After concentrating for a few minutes I noticed it. A lump in her left wrist. It was small but placed perfectly to impinge on the long tendon that races through the hand and ends at the tip of the index finger.

I suspected a ganglion cyst. A quick procedure by the hand surgeon and her finger would dance again.

It took another thirty minutes to remember how to fit the latch back in and then screw the top on. I watched with satisfaction as I closed the door.

Flipped the latch...

and started the dishwasher.

Thursday, August 11, 2011

The Plan

He came to the office with an idea.

He came to the office with a plan.

Because his mother told him that a cough could be a sign of cancer. And his wife reminded him of his history of smoking. And his cousin's friend's sister's fiance's grandfather had died and his doctor hadn't bothered to get a cat scan.

He refused to entertain questions. He dodged and darted to avoid my probing stethoscope. He asked for...nay demanded a cat scan.

He was unperturbed when his symptoms magically disappeared with an antacid. He was downright sullen when I warned of the risks of radiation....when I cautioned about incidentalomas.

So in Berwickian fashion I gave in. I ordered the cat scan. I waited.

It was a lung nodule. To big to ignore. Reluctantly I offered biopsy.

He wanted to see a pulmonologist. The pulmonologist offered biopsy. He wanted to see a cardiothoracic surgeon. The surgeon offered the same.

After many phone calls and much discussion and great trepidation he entered the radiology suite for a ct guided biopsy.

He left with a chest tube....a short hospital stay....and the most physically painful experience of his life.

On the day of discharge I entered his room with good news.....It's benign

Benign....great. And then he paused a moment. Maybe we should take it out anyway.

I want to see the cardiothoracic surgeon!

Tuesday, August 9, 2011

A Covenant

I mean it is kind of lonely....being your doctor. I picture it as sort of a covenant. Between you and I.

On one side you. And your family. And friends. Your house and your dogs. Your communities and lives.

On the other side me. Alone. Of course there is always the hospital...but were really not friends. My partners and specialists. They all make an appearance. But when the going gets tough.

I am like an island. That you inhabit from time to time. Occasionally good times. Often bad. And I pray that there is enough of me to sustain. For there are rarely other visitors. Rarely extra provisions.

My island floats independently in the sea. I face each brutality and hardship with you. But since I am land and you are my inhabitants we often see from very different perspectives.

When you hurt, and suffer, and die. You call. And sometimes from the depths of hibernation I answer. My eyes twitching in the darkness as I try to decide whether to give more lasix or should I try fluids? There is no nephrologist in the bed next to me. No cardiologist. And if there were would they remember the time your shortness of breath was anxiety? Remember the time your anxiety was a heart attack?

You pray that I make the right decision. Did you know that I pray to? Pray that tonight I will be less fallible. Pray that I will remember each piece of imminent minutia. Unlock the bodies tenuous riddles and splay them out in front of you as if they were a healing potion. A soothing balm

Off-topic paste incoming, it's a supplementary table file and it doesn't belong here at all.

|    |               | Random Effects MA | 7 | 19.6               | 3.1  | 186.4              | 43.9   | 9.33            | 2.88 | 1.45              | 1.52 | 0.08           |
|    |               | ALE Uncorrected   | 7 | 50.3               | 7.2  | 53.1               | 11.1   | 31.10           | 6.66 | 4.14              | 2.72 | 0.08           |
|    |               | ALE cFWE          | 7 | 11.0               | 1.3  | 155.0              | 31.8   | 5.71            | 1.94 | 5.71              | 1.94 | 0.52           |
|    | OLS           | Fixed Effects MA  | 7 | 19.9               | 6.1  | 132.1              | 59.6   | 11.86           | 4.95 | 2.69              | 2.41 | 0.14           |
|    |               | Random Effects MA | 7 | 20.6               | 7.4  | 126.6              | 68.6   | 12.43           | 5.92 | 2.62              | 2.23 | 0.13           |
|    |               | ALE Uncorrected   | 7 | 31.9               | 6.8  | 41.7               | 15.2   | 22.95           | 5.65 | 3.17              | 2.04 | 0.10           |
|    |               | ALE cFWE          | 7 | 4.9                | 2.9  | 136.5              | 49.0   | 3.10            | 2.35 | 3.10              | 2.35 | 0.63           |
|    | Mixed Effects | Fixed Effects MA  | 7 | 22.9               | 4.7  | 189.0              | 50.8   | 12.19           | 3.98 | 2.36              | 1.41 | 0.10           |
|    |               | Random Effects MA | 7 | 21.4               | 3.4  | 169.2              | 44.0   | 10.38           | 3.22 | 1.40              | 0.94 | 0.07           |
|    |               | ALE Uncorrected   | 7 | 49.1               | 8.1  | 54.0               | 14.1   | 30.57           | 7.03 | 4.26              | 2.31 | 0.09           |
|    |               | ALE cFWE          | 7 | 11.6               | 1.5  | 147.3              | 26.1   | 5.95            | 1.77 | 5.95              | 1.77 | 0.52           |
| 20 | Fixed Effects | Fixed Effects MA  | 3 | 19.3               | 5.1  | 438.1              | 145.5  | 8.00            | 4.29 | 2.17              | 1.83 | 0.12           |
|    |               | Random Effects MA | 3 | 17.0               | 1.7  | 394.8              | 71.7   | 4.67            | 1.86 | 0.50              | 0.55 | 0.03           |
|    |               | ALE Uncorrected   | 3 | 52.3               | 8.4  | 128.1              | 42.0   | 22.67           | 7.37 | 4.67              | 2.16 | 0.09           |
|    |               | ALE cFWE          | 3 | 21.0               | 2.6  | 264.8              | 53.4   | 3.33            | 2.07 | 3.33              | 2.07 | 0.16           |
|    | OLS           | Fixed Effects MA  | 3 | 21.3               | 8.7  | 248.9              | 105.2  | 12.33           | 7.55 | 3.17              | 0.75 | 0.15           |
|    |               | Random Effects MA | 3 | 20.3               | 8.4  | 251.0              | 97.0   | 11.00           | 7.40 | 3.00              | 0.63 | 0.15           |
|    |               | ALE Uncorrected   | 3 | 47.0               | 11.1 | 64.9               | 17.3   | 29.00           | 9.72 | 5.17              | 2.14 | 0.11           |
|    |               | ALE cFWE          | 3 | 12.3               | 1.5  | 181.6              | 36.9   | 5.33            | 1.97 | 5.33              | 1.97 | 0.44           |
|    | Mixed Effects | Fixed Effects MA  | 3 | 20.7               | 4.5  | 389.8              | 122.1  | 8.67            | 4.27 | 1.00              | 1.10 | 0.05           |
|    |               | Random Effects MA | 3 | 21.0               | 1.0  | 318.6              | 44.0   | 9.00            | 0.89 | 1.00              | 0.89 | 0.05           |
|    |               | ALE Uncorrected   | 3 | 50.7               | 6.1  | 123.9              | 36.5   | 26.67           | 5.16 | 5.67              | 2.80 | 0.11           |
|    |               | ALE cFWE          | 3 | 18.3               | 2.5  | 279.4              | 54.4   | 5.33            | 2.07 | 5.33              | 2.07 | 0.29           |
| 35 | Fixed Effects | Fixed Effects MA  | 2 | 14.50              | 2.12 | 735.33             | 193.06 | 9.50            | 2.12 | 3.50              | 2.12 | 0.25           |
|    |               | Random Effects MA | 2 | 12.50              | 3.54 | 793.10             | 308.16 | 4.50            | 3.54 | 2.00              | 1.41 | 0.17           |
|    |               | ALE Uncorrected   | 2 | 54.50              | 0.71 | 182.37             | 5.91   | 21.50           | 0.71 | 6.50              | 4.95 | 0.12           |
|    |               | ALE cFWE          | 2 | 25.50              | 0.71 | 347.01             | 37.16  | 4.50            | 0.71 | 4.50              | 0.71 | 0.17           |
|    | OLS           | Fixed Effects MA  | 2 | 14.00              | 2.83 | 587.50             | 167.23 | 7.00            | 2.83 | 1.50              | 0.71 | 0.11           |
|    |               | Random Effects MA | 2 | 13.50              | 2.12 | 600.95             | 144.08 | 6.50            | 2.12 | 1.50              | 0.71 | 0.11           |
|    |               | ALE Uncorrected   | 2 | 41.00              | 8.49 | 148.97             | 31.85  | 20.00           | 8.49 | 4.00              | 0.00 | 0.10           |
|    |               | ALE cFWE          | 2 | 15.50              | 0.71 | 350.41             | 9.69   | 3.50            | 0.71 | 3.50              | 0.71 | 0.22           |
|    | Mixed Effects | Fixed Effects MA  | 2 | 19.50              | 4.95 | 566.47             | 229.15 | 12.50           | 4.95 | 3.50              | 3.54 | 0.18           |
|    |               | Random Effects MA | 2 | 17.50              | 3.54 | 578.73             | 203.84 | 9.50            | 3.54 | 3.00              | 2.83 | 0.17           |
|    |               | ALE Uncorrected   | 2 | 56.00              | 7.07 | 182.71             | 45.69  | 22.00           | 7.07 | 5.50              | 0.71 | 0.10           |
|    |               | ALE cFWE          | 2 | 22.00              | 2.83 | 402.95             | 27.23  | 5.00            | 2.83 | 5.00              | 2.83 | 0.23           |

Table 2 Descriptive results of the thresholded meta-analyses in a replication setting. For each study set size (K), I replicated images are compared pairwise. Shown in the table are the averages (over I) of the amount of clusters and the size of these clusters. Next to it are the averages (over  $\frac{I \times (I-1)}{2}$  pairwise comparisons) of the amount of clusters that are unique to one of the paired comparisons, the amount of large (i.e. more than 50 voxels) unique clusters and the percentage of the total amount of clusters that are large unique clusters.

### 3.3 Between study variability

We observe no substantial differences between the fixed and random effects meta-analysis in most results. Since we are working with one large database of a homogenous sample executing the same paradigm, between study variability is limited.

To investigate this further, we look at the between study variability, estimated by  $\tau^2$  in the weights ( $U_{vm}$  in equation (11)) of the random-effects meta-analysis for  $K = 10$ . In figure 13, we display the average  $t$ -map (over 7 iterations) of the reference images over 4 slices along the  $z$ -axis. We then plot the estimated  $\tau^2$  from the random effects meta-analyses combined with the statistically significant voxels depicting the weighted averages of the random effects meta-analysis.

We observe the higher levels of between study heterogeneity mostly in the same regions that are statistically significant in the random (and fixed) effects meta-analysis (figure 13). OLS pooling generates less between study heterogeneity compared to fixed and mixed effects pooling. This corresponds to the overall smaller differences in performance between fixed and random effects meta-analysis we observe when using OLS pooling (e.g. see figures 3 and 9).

Each covenant ends the same. Either you or I will die. Your suffering over and your family mourning.

And I will Remain. Alone. Fighting to provide for the other two thousand inhabitants of my island.

Each one a covenant...

Each one signed with a golden quill...

signed in my own blood.

Monday, August 1, 2011

As I walked Into....

As I walked into the store an old memory rushed into the corners of my consciousness.

Mary had a little lamb....little lamb...little lamb

There I sat. A young boy with a recorder on my lips. My fingers dutifully covering and then uncovering the holes on the long end of the instrument. I was in elementary school. It would be the first and last instrument I ever played.

I started strongly. In the beginning. Far ahead of my classmates. Under my mother's tutelage I practiced each and every day. But eventually something happened.

I became bored. Or tired of the monotony. My heart wasn't really in it. The teacher quickly noted the change. My skills faltered. The class moved forward and the turtles passed the hare...

I skipped my only concert.

But now I entered the store on my own volition. A few months earlier Cameron and I had made the same journey. The store clerk sized him up and handed us a violin and bow to try on for size.

Father and son stood together. Tentative at first. Eyes wide to marvel the beautiful instrument that had been placed in his little unsteady hands.

The next week he started lessons. As I sat in the corner of the small study the teacher first instructed Cameron and then turned her attention to me. She gave tips on how to moniter, how to hold the violin, how to angle the bow.

And we learned...Cameron and I. Over months he began to adjust to the weight of the bow, the tension of the strings. I stood over him. I listened to the plink and pluck, the ebb and flow. At times picking up the miniature violin and instructing on what I perceived to be the right stance. I moved the bow back and forth awkwardly my body curled to meet the requirements of such a small instrument.

I found myself looking forward to every evening session. Whistling the tunes as Cameron learned them. My voice straining to the highest E or groaning to the lowest G. A great peace overcame me.

So it was really not very surprising this afternoon when I pulled over upon passing the store on my way home from work. The clerk greeted me energetically.

Are you picking something up for your son?

No! I answered without hesitation...

I was hoping to rent one for myself.